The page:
Codetapper's C64 Site

Diary of a Game

Let's Make a Monster Part 4

Mayhem gets a few new moves, Monsterland grows by another level and the Apex Boyz lig out at the Future Entertainment Show. John and Steve Rowlands relive last November in part four of the continuing genesis of the game that's gonna be the game of '93, Mayhem in Monsterland.

John and Steve Rowlands

What you see and hear are Steve's (left) department while what you play and how you play it is John's (right). Not that there isn't any, erm, creative crossover.

The major alteration to the game this month is Mayhem's control method (the user interface), which has been modified to give him a greater range of movements. Although he can already walk run and jump, we felt that such a small repertoire of actions would limit the playability. Ergo the said game would be less playable, ipso facto making it less fun. QED, Vini, Verdi, Vici and, indeed, Curriculum Vitae. (Translations on a postcard please.)

These extra moves will not only make Mayhem more flexible but will also allow us to design extra features for each level. This gives Mayhem a greater interaction with the background graphics (ie. the graphics aren't just aesthetic — they're functional).

Nifty November 1992

Week 1

Work had to cease on the game this week to make way for (cue fanfare) the Future Entertainment Show. This consisted of walking around the stands for 15 to 20 minutes, then frequenting the bar and dodgems (we even got a free go). We also spent many an hour on the helter skelter which adorned the Ocean stand. Trunk-booming shout outs to: Andy 'Shoe' Roberts, Andy 'Live Long and Prosper' Smith, Rob 'Not Until Christmas Eve' Ellis, François 'Mario Cart King' Mortl, Andrew 'Quincey' Davis, Vicky 'VPL' Robinson, Dave 'I Was Not Drunk' Clark, Jonathan 'DJ' Smyth (that's enough self-indulgence — Ed) and anybody else we bumped into.

Week 2

JOHN: Before I get carried away and start incorporating new moves for Mayhem, I'm going to tweak the ones he can do already. For those of you who have played Creatures, you may have noticed that if Clyde jumps at the top of the screen he bounces back down again. (If you didn't notice you know now.) The problem with this is that it's often difficult to jump over gaps because you rebound off the top of the screen before you've jumped far enough, whereas with enough height you would normally be able to make it (assuming your game skills are good enough, that is).

In Creatures 2 Clyde could jump off the top of the screen (and into the top border) so this problem didn't occur. Now I've modified the jump routine again so that when Mayhem reaches the top of the screen he stays airborne (legs akimbo) for the duration of the jump. Now he can traverse large gaps as if there were no overhead obstacles.

While I'm adjusting the jump routine I've decided to put in a little de-bounce routine that forces the player to push up every time he wants to jump. In other words, you can't hold the joystick in the up position and jump repeatedly. While I'm on a roll, I also further modified the jump routine to check how long the joystick is pushed up — the longer you push up the higher he jumps.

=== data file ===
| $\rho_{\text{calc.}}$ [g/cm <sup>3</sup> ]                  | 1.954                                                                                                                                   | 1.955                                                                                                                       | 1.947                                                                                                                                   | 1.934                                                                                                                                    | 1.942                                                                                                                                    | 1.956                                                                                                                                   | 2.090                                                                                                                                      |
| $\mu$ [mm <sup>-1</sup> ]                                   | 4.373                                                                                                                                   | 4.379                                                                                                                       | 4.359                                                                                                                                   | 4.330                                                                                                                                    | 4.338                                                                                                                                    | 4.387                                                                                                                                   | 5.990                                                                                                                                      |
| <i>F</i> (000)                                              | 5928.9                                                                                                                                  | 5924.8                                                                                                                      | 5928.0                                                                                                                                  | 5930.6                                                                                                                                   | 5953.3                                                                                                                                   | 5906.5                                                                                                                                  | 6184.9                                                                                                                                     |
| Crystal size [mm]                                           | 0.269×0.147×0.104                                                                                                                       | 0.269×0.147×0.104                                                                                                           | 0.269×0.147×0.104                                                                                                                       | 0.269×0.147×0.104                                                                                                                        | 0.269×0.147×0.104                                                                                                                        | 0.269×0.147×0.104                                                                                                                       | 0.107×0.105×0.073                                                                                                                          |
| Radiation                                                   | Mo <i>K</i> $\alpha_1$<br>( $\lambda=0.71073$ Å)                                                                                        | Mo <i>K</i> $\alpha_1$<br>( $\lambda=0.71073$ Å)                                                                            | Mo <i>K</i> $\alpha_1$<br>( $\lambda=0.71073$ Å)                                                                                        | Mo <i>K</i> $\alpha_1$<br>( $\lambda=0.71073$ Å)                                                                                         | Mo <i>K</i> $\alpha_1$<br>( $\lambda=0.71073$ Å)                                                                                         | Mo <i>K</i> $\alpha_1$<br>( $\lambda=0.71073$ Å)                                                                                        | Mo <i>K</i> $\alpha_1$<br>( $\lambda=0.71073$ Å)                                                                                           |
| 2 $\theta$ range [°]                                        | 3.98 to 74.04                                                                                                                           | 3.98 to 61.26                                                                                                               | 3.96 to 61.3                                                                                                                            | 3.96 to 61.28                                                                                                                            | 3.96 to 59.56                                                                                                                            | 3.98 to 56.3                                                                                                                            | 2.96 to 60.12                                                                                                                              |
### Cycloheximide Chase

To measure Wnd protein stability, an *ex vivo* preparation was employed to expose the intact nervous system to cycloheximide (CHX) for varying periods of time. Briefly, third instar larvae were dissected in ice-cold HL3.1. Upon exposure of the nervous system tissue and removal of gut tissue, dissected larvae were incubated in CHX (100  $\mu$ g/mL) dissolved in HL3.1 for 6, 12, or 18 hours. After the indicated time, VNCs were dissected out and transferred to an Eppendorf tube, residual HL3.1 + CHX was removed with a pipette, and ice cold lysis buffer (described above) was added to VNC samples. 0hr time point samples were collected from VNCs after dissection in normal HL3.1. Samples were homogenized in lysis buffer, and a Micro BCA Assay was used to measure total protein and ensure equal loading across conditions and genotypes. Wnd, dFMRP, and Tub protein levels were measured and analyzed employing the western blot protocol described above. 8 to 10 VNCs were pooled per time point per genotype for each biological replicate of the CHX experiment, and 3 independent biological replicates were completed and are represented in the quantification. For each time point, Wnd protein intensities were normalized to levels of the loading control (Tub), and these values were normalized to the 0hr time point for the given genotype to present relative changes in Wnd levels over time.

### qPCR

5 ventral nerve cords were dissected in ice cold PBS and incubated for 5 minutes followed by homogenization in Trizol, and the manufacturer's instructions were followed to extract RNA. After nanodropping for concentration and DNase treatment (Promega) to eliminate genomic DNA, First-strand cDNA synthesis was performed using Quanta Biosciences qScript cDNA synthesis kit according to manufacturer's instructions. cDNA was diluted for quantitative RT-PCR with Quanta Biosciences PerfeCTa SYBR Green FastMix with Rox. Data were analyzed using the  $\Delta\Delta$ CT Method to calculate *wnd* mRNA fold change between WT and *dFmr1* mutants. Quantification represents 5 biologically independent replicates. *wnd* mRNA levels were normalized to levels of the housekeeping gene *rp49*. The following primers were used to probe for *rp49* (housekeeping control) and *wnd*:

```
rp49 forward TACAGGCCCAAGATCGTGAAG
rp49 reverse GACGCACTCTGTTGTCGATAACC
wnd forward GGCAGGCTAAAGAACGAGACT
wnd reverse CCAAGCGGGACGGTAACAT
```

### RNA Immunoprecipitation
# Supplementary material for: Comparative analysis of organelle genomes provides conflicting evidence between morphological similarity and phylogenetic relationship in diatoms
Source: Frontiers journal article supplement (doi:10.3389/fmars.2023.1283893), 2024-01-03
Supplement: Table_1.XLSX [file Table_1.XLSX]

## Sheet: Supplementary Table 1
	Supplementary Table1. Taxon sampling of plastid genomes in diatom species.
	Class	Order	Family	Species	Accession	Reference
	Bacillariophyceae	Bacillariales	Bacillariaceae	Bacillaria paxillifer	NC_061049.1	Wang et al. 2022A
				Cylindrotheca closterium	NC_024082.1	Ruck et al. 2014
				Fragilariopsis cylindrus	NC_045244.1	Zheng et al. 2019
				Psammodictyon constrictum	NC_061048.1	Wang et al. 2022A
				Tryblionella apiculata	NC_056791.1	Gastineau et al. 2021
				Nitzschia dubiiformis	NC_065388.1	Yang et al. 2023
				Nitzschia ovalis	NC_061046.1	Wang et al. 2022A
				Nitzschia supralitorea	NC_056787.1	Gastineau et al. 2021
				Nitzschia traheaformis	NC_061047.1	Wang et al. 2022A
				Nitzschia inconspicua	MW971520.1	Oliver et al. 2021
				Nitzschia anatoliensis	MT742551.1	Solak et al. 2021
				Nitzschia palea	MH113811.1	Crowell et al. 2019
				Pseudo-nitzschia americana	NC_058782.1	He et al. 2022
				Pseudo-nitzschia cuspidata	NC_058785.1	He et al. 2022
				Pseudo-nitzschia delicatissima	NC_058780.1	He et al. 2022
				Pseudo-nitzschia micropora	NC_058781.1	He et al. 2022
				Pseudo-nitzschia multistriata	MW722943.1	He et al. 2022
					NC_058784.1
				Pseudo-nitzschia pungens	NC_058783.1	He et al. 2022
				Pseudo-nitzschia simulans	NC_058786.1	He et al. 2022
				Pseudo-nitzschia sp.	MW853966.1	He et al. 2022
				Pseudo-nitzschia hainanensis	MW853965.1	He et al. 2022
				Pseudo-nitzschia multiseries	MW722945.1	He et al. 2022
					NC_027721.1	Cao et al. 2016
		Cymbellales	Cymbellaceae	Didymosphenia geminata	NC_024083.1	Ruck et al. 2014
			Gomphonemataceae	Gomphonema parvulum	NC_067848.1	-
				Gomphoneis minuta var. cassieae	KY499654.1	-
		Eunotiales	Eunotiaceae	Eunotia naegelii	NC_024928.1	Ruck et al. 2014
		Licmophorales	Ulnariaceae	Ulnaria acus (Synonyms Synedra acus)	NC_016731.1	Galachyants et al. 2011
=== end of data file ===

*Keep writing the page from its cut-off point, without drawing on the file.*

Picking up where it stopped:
Look, these modifications might seem trivial to you but they radically enhance the gameplay. Do you think I'd go to all this trouble just for the fun of it?

STEVE: The level I've called Pipeland is coming along rather well. Just to give you some idea of how I go about designing a level here are the basic design stages:

First I need some sort of theme for the level, which can be something as simple as a tree or a platform. Once I've worked out this first element, then the multi-colours I've chosen for that will remain the same for everything else in that level. (Hang on a minute, what's all this multi-colours nonsense? — Ed).

Oh, right. Let me fill you in. Each character (eight-pixel by eight-pixel block) can be made one of three colours (four if you include the background colour, but I won't here 'cos it just confuses matters). Two of these colours are multi-colours — which I choose when I start to design a level and have to remain the same throughout — while the other is the character colour, which can only be changed to one of the first eight colours of the C64's palette. Although this is rather limiting at first, if you persevere you can get some rather scrummy results (well we think Retrograde, Creatures and Creatures 2 look pretty darned good).

So, for example, Pipeland has dark grey and pink multi-colours with a cyan background. For the pipes the characters use (ranging from left to right) the following colours: dark grey, purple, pink, yellow, pink, purple, dark grey and black (take a look at fig 1), the character colours in this case being purple, yellow and black.

The pipes in Pipeland consist of two different sorts of colours — multi-colours

The pipes in Pipeland consist of two different sorts of colours — multi-colours and character colours.


The mountains use different colours depending on how far away they're supposed to be.

In the background of all this are some newly-designed mountains which have three layers. In order to get three different colours for these mountains I mixed green and cyan to get the colour for the closest ones, solid green for the inbetweeny bits and green and pink (which makes a sort of pale beige) for the ones furthest away.

Week 3

JOHN: I'm still trying to enhance Mayhem's movement. Instead of him simply slowing to a halt after he's been charging around the landscape, he now skids leaving a trail of smoke behind him. Obviously the faster he's running, the longer the skid. I was testing this routine up and down the slopes and I reckon it looks pretty cool when you get a trail of smoke going over them.